Many countries have been pushing for sustainable, eco-friendly buildings and houses. In the face of drastic global warming, leading scientists and researches have since warned us that we only have 12 years to limit climate change catastrophe. Hence the need to create more spaces that connect us to nature instead of destroying it.
We’re obviously no expert, but Dato’ Dr Ken Yeang is. He’s an architect, ecologist, planner and author known for his ecological architecture and ecomasterplans that have distinctive green aesthetics. Since 1971, Dr Yeang pioneered ecology-based architecture–working on theories to improve the field while practicing sustainable design globally. In 2008, The Guardian named him “one of the 50 people who could save the planet.”
This isn’t a surprise, of course. Dr Ken Yeang has been in the forefront of pushing green buildings and JUICE had the opportunity to speak with him to discuss the importance of going green and how Malaysia should follow the trend.
A lot of countries have been pushing for sustainable, eco-friendly architecture. Why do you think it’s important for Malaysia to follow?
Sustainability is important not just for Malaysia but for all of humanity. It is an ethical issue.
Today’s youth is informed of how climate change is affecting the planet and how important it is for us to build more eco-friendly places, especially in the cities. Do you think it’s possible to have that change?
Saving the planet is now no longer preventive action, but a ‘race and rescue mission’. Architects, Designers and Engineers are just service providers, but we can however lead ‘by example’ and by proselytising the mission. The effort must ultimately come from the public by its own initiative and directed by Government, by incentives, penalties and by education.
Everyone knows about the 3R’s, but not everyone is practicing it. Do you think we should reintroduce the concept?
Everyone needs to become literate in ecology, as all is affected. Our society and its ideology to the environment need to be transformed to be nature-centric.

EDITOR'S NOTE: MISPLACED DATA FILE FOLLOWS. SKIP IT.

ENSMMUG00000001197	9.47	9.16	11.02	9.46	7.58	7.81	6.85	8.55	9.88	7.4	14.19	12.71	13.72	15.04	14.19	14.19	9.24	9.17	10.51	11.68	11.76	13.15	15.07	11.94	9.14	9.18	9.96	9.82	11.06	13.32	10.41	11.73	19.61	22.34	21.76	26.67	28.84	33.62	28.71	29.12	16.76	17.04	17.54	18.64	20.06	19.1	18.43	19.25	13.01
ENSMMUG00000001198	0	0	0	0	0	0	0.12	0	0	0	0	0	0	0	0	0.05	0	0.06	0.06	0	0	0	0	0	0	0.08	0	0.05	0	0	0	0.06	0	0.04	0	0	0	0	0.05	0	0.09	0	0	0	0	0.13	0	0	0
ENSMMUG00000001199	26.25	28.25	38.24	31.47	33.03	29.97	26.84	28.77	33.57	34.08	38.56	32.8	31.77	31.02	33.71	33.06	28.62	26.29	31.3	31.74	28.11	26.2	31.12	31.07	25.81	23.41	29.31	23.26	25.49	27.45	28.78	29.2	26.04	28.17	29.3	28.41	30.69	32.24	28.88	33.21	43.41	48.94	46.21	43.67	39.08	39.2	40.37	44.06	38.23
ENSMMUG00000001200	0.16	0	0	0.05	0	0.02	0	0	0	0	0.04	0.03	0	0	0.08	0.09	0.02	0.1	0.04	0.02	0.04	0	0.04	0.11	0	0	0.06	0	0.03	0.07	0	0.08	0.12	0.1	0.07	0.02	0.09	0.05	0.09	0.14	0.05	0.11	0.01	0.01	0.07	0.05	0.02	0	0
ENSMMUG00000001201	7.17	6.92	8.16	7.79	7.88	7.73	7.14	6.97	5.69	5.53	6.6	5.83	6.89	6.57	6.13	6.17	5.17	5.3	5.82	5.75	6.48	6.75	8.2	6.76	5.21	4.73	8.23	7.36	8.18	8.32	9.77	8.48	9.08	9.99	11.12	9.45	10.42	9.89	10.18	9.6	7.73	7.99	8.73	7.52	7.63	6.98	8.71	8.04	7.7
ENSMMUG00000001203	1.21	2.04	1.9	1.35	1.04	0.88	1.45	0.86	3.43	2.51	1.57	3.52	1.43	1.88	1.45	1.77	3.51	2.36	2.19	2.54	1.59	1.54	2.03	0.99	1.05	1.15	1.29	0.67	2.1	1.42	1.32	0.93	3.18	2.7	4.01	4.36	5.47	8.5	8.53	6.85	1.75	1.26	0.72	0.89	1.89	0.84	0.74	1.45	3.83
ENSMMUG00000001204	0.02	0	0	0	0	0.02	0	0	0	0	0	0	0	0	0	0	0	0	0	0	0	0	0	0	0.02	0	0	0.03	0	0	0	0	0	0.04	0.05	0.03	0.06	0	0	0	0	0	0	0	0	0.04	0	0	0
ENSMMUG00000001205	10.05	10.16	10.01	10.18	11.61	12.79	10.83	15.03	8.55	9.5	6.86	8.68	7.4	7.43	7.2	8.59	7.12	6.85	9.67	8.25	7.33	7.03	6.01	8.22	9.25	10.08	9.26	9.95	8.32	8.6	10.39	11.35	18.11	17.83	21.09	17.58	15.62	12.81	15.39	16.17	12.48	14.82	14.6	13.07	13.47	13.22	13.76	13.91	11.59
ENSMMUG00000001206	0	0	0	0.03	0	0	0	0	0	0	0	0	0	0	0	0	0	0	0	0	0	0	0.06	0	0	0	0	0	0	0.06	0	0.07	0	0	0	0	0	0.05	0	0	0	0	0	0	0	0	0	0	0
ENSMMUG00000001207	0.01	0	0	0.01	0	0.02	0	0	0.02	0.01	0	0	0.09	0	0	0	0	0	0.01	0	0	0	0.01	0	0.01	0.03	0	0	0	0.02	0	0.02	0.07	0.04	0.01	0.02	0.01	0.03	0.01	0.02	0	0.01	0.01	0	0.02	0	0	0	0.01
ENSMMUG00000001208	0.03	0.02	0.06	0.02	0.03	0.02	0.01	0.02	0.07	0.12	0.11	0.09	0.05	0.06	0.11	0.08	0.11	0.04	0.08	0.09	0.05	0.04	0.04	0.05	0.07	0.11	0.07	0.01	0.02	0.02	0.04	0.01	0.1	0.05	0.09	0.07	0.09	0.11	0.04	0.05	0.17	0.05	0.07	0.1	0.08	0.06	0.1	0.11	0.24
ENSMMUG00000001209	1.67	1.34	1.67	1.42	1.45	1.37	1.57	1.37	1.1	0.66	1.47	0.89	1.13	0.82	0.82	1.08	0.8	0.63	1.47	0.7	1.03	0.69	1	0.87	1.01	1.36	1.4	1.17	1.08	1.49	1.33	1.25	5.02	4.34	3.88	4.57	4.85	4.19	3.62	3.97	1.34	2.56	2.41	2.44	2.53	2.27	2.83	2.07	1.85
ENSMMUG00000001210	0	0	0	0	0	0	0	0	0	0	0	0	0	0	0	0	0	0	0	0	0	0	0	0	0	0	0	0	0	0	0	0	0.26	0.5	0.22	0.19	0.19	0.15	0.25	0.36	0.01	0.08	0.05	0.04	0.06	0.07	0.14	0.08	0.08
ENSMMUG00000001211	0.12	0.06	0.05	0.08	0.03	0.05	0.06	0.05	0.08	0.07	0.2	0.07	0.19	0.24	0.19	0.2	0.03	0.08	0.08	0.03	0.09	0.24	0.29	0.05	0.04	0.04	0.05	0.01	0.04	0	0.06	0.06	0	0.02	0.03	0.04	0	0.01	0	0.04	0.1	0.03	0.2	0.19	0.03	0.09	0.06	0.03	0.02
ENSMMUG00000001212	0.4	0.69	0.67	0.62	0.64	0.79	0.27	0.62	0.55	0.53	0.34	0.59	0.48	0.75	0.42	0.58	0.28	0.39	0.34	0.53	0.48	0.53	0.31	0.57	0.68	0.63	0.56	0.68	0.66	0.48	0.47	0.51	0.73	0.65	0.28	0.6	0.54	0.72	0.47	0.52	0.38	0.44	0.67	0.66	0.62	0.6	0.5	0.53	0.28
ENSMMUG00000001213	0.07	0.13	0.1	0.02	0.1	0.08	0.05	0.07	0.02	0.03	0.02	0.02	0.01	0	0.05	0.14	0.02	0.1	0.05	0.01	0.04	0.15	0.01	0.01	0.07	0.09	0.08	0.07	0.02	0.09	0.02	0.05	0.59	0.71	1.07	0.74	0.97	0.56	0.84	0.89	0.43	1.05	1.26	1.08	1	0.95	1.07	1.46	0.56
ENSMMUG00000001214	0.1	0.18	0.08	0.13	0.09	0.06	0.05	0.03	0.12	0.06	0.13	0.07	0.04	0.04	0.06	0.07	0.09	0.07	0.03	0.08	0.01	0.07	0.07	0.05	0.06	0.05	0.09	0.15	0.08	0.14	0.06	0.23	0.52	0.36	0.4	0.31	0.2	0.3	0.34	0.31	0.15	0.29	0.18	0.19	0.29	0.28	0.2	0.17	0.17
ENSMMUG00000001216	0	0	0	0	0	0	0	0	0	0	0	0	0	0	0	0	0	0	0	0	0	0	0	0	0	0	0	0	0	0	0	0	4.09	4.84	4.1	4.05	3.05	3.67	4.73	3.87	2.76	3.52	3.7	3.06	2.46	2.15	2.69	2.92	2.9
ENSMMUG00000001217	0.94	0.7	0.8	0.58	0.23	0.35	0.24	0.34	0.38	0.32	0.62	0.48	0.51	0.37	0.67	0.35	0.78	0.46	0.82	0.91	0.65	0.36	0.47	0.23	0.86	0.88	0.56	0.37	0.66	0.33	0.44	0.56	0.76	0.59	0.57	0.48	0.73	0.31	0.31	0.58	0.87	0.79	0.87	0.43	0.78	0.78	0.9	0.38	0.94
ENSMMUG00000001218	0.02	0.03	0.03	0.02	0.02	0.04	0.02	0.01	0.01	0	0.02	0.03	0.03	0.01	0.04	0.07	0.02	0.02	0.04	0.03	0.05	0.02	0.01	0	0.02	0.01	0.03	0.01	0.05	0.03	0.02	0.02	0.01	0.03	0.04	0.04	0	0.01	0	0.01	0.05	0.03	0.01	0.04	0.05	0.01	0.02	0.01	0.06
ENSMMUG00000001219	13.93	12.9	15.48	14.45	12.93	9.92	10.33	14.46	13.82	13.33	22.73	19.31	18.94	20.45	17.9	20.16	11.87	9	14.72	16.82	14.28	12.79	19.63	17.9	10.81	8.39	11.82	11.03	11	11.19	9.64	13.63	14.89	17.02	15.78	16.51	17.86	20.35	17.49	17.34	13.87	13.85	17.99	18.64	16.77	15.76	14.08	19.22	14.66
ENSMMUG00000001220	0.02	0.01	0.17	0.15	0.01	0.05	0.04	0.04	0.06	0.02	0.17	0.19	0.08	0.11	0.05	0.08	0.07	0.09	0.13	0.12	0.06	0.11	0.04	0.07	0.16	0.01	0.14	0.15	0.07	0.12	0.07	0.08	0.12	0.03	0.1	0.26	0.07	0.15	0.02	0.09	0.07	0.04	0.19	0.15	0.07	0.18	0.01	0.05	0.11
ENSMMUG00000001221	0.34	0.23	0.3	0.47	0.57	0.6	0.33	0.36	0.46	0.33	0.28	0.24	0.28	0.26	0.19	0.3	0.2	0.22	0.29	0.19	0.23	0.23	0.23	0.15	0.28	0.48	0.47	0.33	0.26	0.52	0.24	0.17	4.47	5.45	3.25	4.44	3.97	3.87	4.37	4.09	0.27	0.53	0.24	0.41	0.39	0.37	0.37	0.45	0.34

How do you and the team start a project? There must be tonnes of ideas clashing…
Our design team sits together and discusses the project by firstly defining the Client’s objective for the project (its internal and external issues, and its strategic and philosophical aspects). These in turn drive the design. The touchstones in our design are: what can we do in the project to make users immensely happy and enhance the pleasurability of their using the design, what can we do to make the design aesthetically beautiful and fulfilling, and what can we do to make the design super-green, innovative and signature?
Does sustainability come hand-in-hand with aesthetics?
No, but we are seeking to define the ecological aesthetic, to seek answers to what will a green building look like.
Since there’s no defining look that characterises a green building, what are your favourite examples of green buildings in the world?
My favourite buildings are our latest projects and designs, as we are constantly seeking to advance the green agenda in our work.
With that being said, how can we encourage the government to develop more green housing and buildings? There’s clearly a demand for it.
The ways are threefold: by public education and by behavioural changes, by inducements and incentives–for example, for effecting positive benefits to the biosphere, and by penalties like for pollution and contaminating of the environment.
Strongbow Apple Ciders collaboration with three of Malaysia’s well-known champions of nature in design, came together for a unique interactive experience to examine the human relationship and its connectivity with nature.
Strongbow’s “Refreshing by Nature” brings together first of its kind ideas by renowned architect Dato’ Dr. Ken Yeang, collective of sustainability creators Biji-Biji Initiative and leading terrarium makers Ohsum Mossum, breathing nature into the city, providing the balance of nature and freshness in urban living.